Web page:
Individually the lower galaxy carries the IR source designation of 2MASX J01195923+1220377 and shows a radial velocity and shows a radial velocity distance of 635 million light-years. So it too is likely part of the same group as Arp 119. NED has no notes on it nor does it attempt to classify it. It does say this: "Low surface brightness companion on end of arm. M51 Type." Now which of three objects is this referring to, the golden galaxy, the odd blue knot or galaxy by the cut-short arm or the galaxy to the south? I see no hint of an M51 type arm structure reaching over any of these. I could sort of make this work for the smaller blue fuzz patch, though that seems more likely a part of the northern galaxy's mostly missing arm.

    The northern galaxy with one good and one not so good arm is another IR source listed as 2MASX J01200039+1220537 and also as PGC 4789. NED has absolutely nothing on it. Not even a magnitude. Odd, as it appears to be the major galaxy here. Arp certainly considered it the main one. It also appears that he considered the fainter blue fuzz patch as the companion on the arm and ignored the southern galaxy entirely. His comment reads: "Some material seems attached, some repelled." This "repelling" comment may be due to the sudden cut off of the arm. Without a red shift it is impossible to say with certainty the northern galaxy is even related to either of the other two. I'd like some confirmation here. Neither the blue knot that's Arp's "companion" nor the golden galaxy just east of the northern spiral are in NED at all. This is a very poorly researched area it would appear.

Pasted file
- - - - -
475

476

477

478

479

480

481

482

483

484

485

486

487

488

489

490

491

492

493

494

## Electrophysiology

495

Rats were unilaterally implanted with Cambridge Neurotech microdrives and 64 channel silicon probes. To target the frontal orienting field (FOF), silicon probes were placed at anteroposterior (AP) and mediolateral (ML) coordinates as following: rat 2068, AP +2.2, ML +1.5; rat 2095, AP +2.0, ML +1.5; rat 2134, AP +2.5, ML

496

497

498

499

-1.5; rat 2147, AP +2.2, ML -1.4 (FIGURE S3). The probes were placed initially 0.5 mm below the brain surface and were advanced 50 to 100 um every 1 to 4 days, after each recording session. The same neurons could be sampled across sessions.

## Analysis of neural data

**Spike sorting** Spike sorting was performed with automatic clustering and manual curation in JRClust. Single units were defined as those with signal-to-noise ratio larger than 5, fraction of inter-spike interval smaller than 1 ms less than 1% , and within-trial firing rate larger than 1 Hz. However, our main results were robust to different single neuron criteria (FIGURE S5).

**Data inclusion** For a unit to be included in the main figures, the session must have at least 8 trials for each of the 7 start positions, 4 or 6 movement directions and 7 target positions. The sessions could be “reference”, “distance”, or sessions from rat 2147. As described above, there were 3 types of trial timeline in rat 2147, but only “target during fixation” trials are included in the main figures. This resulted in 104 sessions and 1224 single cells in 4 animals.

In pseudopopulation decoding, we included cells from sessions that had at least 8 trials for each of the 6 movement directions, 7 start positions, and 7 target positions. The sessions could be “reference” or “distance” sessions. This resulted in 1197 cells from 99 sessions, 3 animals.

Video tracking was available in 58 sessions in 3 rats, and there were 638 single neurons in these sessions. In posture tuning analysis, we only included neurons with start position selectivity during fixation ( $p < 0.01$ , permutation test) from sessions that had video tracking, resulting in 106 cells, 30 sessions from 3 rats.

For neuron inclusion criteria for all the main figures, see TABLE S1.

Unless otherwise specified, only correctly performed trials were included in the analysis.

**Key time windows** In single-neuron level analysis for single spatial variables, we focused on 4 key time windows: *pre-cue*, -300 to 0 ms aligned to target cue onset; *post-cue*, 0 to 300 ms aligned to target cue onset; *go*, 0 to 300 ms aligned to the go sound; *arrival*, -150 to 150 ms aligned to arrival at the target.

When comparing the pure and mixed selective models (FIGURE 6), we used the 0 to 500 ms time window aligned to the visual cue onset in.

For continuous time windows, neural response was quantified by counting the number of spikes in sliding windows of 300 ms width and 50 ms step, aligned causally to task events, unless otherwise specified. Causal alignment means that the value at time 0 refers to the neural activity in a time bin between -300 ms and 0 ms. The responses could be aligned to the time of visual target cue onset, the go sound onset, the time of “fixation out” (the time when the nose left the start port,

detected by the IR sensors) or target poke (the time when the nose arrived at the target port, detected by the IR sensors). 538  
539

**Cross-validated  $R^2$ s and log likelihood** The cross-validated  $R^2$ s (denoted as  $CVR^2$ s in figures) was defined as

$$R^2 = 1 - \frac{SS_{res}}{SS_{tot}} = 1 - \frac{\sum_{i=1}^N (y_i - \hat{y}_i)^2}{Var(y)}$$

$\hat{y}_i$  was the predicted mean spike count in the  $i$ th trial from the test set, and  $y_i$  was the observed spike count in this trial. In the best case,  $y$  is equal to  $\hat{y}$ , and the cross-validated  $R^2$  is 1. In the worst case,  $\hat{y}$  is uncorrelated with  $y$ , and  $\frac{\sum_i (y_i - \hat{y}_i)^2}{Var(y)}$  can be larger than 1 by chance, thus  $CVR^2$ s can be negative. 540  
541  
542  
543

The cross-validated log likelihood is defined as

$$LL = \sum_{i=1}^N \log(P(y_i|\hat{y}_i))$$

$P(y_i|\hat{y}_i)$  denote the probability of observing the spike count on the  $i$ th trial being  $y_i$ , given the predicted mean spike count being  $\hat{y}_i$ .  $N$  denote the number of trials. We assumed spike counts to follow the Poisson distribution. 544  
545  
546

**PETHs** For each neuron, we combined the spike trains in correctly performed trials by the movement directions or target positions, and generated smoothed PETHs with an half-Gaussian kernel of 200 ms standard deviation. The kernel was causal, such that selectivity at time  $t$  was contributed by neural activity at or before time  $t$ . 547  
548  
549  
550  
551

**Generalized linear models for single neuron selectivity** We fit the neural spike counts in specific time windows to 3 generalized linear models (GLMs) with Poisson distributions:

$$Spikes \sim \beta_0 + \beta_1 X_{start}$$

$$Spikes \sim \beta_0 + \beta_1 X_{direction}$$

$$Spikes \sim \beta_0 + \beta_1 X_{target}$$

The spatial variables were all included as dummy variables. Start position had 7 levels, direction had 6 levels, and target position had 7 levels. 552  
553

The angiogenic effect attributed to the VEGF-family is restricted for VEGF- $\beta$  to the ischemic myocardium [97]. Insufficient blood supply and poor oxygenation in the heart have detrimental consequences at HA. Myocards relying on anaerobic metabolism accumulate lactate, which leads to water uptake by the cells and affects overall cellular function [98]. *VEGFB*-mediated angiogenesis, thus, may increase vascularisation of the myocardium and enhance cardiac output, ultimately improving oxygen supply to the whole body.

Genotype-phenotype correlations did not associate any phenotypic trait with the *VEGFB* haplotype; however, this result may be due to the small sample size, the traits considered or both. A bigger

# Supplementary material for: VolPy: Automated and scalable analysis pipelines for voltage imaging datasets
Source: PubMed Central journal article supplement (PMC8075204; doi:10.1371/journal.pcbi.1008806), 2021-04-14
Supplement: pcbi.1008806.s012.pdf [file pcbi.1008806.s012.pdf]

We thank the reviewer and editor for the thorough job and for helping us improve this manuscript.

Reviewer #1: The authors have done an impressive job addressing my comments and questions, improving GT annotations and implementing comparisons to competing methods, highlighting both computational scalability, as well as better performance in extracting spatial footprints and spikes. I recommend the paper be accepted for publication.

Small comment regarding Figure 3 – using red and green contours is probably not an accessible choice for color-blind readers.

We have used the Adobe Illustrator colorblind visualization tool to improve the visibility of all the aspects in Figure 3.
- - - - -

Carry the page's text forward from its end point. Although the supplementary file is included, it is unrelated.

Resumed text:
There's an obvious galaxy cluster below Arp 48. This is NSCS J01195 at 4 billion light-years. NED shows it as containing 64 members. It extends south out of this field of view. While I got all of it in the later image of Arp 48 the seeing is so bad it isn't worth processing. This view will have to do.

    The only other object in my image with a red shift measurement is CGCG 436-027. It is the blue spiral nearest the upper left corner. Oddly, NED makes no attempt to classify it, not even a a spiral. It too appears to be about 635 million light-years away and thus part of the same system that Arp 119 and Arp 48 reside in. Though it appears very ordinary with nicely defined spiral arms. It too is listed as an IR source (2MASX J01200039+1238007). To its lower right is another rather obvious spiral that does appear to have a southern arm drawn well away from its "body". The gap seems oddly dark in fact. It is another IR source, 2MASX J01195236+1235486. I presume it too is part of the same system but can't confirm it without more data. It too may have some distortion.

    The obvious asteroid in the image is (243847) 2000 VA62 at an estimated magnitude of 17.7. This magnitude seems reasonable.

    A second asteroid in the image is more difficult to find. It is near the right edge a bit below center just above a typical white star. It shows as a horizontal line about 7 pixels long so is very short. It is the slow moving asteroid (146703) 2001 VY112 at an estimated magnitude of 19.5. It appears only slightly fainter than the far brighter (243847) 2000 VA62 because its very slow motion greatly increases its exposure time on any one pixel. If you still can't find it load the image in an image processing program and go to pixel 1920x800 and you will see it. I didn't prepare an annotated image as there's little distance information on this field.

    Arp's image of #48

    Arp's image of #88

    Arp's image of #119

    14" LX200R @ f/10, L=4x10' RGB=2x10'x3, STL-11000XM, Paramount ME